Ward’s: Switching to EVs, is Nissan (Motor Co. Ltd.’s) 2020 target of 10% penetration of the global auto market realistic?

Bohr: Bosch is working on both hybrids and EVs. Our guess would be low, single digits for EVs in 2020, thus around 3 million units, plus or minus, for both EVs and plug-in hybrids.

Standard hybrids would be in the 6 million-7 million range. But conventional hybrids are not electric vehicles for us. They are just a different means of reducing CO2 emissions like clean diesels. For Bosch it’s the same. We always recommend diesels, because of their better cost-benefit ratio.

Ward’s: But isn’t it a problem for diesel technology that two major markets, North America and Japan, tend to be diesel-averse?

Bohr: Penetration in the U.S. has not developed in the way we had hoped. We had a period of very high diesel-fuel prices in the U.S., which hurt the image of diesel powerplants. That was followed by the financial crisis, which resulted in quite a few OEMs reducing their development budgets and taking money out of their diesel projects.

We still see significant diesel growth in what’s going to be a major market, India, where more than 30% of passenger cars today are diesel. And the share is going up further.

We are also targeting China, because China is looking for a low-cost CO2-reduction method and (we don’t feel that) hybrids are a low-cost CO2-reduction method.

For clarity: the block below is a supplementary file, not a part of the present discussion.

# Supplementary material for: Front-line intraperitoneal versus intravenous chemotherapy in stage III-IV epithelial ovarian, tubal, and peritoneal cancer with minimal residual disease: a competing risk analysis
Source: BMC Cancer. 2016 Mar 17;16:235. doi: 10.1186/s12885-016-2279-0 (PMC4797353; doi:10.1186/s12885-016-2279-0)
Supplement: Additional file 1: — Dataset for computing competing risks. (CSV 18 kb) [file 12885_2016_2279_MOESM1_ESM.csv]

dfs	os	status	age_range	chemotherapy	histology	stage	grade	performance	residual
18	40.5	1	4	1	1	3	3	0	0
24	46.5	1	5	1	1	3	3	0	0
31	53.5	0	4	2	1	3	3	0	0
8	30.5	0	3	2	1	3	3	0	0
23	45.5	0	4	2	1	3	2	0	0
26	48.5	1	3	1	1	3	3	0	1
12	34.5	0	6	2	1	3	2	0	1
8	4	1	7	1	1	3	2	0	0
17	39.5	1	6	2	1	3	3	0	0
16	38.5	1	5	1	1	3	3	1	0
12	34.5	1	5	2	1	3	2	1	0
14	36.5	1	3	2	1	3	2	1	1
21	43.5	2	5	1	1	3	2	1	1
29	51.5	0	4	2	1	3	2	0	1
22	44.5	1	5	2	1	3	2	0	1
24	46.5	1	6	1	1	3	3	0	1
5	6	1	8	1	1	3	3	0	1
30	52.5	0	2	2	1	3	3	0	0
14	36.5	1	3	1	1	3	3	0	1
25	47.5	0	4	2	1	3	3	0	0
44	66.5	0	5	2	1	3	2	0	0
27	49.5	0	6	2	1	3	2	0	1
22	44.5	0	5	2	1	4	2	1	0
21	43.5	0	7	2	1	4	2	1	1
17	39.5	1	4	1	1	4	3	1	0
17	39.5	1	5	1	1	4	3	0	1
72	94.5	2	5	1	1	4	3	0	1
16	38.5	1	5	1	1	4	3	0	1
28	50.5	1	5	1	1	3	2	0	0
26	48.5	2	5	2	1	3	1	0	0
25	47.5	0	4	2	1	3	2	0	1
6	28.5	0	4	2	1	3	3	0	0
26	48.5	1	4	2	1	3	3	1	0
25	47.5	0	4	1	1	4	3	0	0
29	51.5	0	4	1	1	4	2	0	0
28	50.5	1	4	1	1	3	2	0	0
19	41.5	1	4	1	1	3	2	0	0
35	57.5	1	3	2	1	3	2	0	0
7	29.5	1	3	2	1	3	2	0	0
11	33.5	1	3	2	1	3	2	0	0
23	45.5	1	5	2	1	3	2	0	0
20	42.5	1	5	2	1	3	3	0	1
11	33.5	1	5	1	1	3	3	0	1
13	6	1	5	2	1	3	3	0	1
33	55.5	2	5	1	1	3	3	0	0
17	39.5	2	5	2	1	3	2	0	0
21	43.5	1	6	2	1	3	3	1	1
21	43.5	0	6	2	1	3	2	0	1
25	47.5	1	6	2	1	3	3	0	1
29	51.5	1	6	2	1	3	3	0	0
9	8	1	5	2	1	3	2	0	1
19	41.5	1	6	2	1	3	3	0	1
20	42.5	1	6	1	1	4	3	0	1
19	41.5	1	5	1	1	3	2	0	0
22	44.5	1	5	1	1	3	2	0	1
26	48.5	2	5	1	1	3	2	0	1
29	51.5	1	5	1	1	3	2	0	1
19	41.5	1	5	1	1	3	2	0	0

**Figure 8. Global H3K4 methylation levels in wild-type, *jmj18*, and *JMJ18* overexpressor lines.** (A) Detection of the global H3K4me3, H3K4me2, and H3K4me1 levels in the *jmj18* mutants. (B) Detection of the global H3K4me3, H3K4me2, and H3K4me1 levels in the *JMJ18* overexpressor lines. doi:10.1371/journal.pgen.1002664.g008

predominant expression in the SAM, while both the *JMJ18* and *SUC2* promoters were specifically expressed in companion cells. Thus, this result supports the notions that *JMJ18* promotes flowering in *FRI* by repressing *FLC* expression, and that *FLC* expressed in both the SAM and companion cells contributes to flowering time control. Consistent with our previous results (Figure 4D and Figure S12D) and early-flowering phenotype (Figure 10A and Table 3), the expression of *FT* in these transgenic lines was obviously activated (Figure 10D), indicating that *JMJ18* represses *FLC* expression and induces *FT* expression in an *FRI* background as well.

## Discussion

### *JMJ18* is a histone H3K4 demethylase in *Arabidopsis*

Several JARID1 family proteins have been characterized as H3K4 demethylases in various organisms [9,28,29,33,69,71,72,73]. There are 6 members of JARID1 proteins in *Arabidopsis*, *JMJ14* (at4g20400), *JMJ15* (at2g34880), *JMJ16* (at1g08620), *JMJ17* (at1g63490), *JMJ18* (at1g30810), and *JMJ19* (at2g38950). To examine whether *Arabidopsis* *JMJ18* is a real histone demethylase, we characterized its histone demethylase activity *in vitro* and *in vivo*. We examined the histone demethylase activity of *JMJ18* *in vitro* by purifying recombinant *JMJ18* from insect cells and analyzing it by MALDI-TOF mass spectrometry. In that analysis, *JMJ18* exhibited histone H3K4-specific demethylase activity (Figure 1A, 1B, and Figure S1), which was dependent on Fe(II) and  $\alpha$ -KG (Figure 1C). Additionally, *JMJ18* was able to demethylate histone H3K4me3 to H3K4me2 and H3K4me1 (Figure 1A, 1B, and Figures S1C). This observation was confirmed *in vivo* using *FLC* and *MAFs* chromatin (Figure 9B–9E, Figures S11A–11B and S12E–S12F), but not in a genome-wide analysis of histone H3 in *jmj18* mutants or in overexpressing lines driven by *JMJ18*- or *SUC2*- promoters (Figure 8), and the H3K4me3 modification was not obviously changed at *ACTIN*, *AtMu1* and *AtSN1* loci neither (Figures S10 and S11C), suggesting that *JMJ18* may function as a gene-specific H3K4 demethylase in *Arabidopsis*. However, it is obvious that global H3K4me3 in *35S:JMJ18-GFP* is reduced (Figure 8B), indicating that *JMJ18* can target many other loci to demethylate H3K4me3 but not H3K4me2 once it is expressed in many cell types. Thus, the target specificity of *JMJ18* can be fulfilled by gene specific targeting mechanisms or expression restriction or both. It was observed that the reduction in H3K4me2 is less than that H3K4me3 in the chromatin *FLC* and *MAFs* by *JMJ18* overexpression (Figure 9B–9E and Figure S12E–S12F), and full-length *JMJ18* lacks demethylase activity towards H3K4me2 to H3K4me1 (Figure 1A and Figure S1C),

Ward’s: Regarding common-rail technology, what is your strategy for emerging markets such as India and China?

Bohr: For high-end-emission countries such as Europe and the U.S., we expect a further rise in injection pressure, higher-precision metering of valves, and increased aftertreatment and ‘de-noxation.ʼ For emerging markets, we are working on low-cost systems. For instance, a common-rail system for 2-cyl. engines will be on the Tata Nano when the diesel comes onto the market.

(The Nano diesel reportedly will be launched by the middle of this year).

Whether diesel or gasoline, the internal-combustion engine will continue to command a high share of global markets for the next 20 years. With improved direct-injection systems, downsizing, turbochargers, start/stop systems, and ultra-efficient alternators, we believe we can reduce fuel consumption by another 30%.

Ward’s: Related to powertrain improvements, what is Bosch’s forecast for petroleum prices in 2015 and 2020?

Bohr: Clearly, they are going to increase. And the reason is that emerging markets pulled so much petroleum even before the financial crisis that production numbers and actual use were substantially imbalanced, driving up prices.

Since the financial crisis, the petroleum companies have not invested heavily in new production capacity, so the situation before the crisis will likely be the situation after the crisis. We will see average prices going up. It’s volatile.

Ward’s: How high? To $200 per barrel or even $300?

Bohr: I’d rather not say.

Ward’s: Is there a threshold where it makes all of these advanced powertrain technologies, including hybrids and EVs, affordable?

Bohr: Don’t forget downsized gasoline engines and turbocharged gasoline engines, start/stop systems, improved thermal management and highly efficient alternators. What you are saying is absolutely the point.

We always look at the cost-benefit relationship of CO2 reduction technologies, whether they are the big-ticket items like hybrid or the many small things where we can get a 2% improvement here or 4% there. These all become more viable as fuel prices go up.